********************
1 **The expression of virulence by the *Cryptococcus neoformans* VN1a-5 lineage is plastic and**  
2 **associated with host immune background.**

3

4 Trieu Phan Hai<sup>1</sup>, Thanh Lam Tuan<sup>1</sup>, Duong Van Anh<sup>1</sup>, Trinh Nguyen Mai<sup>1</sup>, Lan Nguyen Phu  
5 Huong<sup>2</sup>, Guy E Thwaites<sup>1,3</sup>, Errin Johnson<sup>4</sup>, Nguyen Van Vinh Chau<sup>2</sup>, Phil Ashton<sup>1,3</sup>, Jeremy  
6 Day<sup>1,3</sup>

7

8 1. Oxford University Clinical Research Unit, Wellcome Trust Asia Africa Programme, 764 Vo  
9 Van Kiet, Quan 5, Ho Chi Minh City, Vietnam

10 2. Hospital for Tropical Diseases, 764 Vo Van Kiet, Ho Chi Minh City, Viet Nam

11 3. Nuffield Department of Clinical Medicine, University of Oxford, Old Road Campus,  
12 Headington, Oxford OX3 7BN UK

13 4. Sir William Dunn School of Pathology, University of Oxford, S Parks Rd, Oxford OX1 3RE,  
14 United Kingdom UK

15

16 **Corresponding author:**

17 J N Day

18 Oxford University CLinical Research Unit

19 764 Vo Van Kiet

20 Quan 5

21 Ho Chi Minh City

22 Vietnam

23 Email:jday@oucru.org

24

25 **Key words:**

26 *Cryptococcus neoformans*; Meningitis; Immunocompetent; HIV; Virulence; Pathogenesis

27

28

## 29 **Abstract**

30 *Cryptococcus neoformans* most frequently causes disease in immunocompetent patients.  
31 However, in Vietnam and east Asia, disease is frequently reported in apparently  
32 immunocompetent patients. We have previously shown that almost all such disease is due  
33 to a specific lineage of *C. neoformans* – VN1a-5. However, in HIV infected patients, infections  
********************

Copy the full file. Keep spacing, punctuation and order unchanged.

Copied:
1 **The expression of virulence by the *Cryptococcus neoformans* VN1a-5 lineage is plastic and**  
2 **associated with host immune background.**

3

4 Trieu Phan Hai<sup>1</sup>, Thanh Lam Tuan<sup>1</sup>, Duong Van Anh<sup>1</sup>, Trinh Nguyen Mai<sup>1</sup>, Lan Nguyen Phu  
5 Huong<sup>2</sup>, Guy E Thwaites<sup>1,3</sup>, Errin Johnson<sup>4</sup>, Nguyen Van Vinh Chau<sup>2</sup>, Phil Ashton<sup>1,3</sup>, Jeremy  
6 Day<sup>1,3</sup>

7

8 1. Oxford University Clinical Research Unit, Wellcome Trust Asia Africa Programme, 764 Vo  
9 Van Kiet, Quan 5, Ho Chi Minh City, Vietnam

10 2. Hospital for Tropical Diseases, 764 Vo Van Kiet, Ho Chi Minh City, Viet Nam

11 3. Nuffield Department of Clinical Medicine, University of Oxford, Old Road Campus,  
12 Headington, Oxford OX3 7BN UK

13 4. Sir William Dunn School of Pathology, University of Oxford, S Parks Rd, Oxford OX1 3RE,  
14 United Kingdom UK

15

16 **Corresponding author:**

17 J N Day

18 Oxford University CLinical Research Unit

19 764 Vo Van Kiet

20 Quan 5

21 Ho Chi Minh City

22 Vietnam

23 Email:jday@oucru.org

24

25 **Key words:**

26 *Cryptococcus neoformans*; Meningitis; Immunocompetent; HIV; Virulence; Pathogenesis

27

28

## 29 **Abstract**

30 *Cryptococcus neoformans* most frequently causes disease in immunocompetent patients.  
31 However, in Vietnam and east Asia, disease is frequently reported in apparently  
32 immunocompetent patients. We have previously shown that almost all such disease is due  
33 to a specific lineage of *C. neoformans* – VN1a-5. However, in HIV infected patients, infections  